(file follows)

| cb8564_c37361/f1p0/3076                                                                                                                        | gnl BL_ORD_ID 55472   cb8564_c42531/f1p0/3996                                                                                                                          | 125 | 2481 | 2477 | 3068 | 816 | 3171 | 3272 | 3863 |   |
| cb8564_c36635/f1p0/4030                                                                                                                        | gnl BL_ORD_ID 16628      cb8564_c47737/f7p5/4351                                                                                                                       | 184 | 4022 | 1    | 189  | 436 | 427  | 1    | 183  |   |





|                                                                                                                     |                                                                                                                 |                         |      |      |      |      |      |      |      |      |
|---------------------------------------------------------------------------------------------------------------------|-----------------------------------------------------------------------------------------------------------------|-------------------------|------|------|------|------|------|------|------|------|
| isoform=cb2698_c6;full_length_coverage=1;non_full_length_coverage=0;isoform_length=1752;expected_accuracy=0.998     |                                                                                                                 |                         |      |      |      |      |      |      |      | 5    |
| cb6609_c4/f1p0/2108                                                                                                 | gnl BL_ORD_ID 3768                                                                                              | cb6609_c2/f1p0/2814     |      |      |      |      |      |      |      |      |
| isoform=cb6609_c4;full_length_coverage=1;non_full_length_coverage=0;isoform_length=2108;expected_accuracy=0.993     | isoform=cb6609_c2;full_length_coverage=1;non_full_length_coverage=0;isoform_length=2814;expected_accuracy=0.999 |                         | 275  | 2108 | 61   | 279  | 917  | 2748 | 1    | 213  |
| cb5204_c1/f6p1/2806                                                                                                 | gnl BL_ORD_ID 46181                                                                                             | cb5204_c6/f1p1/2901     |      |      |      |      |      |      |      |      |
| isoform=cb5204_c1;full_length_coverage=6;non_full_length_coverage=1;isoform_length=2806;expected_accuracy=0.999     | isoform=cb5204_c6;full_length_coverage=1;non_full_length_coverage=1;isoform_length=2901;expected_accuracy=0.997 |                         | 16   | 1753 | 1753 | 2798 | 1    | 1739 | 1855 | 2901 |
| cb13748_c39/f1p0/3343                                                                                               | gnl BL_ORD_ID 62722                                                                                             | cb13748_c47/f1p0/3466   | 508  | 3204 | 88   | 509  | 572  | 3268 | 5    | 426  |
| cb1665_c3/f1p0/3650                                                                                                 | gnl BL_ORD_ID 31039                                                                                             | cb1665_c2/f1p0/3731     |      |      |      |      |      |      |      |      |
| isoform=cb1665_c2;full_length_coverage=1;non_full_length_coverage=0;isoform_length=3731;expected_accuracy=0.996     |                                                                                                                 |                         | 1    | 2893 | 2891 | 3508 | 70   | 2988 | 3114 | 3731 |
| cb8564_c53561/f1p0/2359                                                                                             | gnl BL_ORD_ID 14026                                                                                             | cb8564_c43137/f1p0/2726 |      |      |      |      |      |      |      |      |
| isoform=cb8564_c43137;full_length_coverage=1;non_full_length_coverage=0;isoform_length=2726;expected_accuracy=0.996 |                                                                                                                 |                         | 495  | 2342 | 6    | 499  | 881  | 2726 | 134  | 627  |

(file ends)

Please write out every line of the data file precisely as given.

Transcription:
| cb8564_c37361/f1p0/3076                                                                                                                        | gnl BL_ORD_ID 55472   cb8564_c42531/f1p0/3996                                                                                                                          | 125 | 2481 | 2477 | 3068 | 816 | 3171 | 3272 | 3863 |   |
| cb8564_c36635/f1p0/4030                                                                                                                        | gnl BL_ORD_ID 16628      cb8564_c47737/f7p5/4351                                                                                                                       | 184 | 4022 | 1    | 189  | 436 | 427  | 1    | 183  |   |





|                                                                                                                     |                                                                                                                 |                         |      |      |      |      |      |      |      |      |
|---------------------------------------------------------------------------------------------------------------------|-----------------------------------------------------------------------------------------------------------------|-------------------------|------|------|------|------|------|------|------|------|
| isoform=cb2698_c6;full_length_coverage=1;non_full_length_coverage=0;isoform_length=1752;expected_accuracy=0.998     |                                                                                                                 |                         |      |      |      |      |      |      |      | 5    |
| cb6609_c4/f1p0/2108                                                                                                 | gnl BL_ORD_ID 3768                                                                                              | cb6609_c2/f1p0/2814     |      |      |      |      |      |      |      |      |
| isoform=cb6609_c4;full_length_coverage=1;non_full_length_coverage=0;isoform_length=2108;expected_accuracy=0.993     | isoform=cb6609_c2;full_length_coverage=1;non_full_length_coverage=0;isoform_length=2814;expected_accuracy=0.999 |                         | 275  | 2108 | 61   | 279  | 917  | 2748 | 1    | 213  |
| cb5204_c1/f6p1/2806                                                                                                 | gnl BL_ORD_ID 46181                                                                                             | cb5204_c6/f1p1/2901     |      |      |      |      |      |      |      |      |
| isoform=cb5204_c1;full_length_coverage=6;non_full_length_coverage=1;isoform_length=2806;expected_accuracy=0.999     | isoform=cb5204_c6;full_length_coverage=1;non_full_length_coverage=1;isoform_length=2901;expected_accuracy=0.997 |                         | 16   | 1753 | 1753 | 2798 | 1    | 1739 | 1855 | 2901 |
| cb13748_c39/f1p0/3343                                                                                               | gnl BL_ORD_ID 62722                                                                                             | cb13748_c47/f1p0/3466   | 508  | 3204 | 88   | 509  | 572  | 3268 | 5    | 426  |
| cb1665_c3/f1p0/3650                                                                                                 | gnl BL_ORD_ID 31039                                                                                             | cb1665_c2/f1p0/3731     |      |      |      |      |      |      |      |      |
| isoform=cb1665_c2;full_length_coverage=1;non_full_length_coverage=0;isoform_length=3731;expected_accuracy=0.996     |                                                                                                                 |                         | 1    | 2893 | 2891 | 3508 | 70   | 2988 | 3114 | 3731 |
| cb8564_c53561/f1p0/2359                                                                                             | gnl BL_ORD_ID 14026                                                                                             | cb8564_c43137/f1p0/2726 |      |      |      |      |      |      |      |      |
| isoform=cb8564_c43137;full_length_coverage=1;non_full_length_coverage=0;isoform_length=2726;expected_accuracy=0.996 |                                                                                                                 |                         | 495  | 2342 | 6    | 499  | 881  | 2726 | 134  | 627  |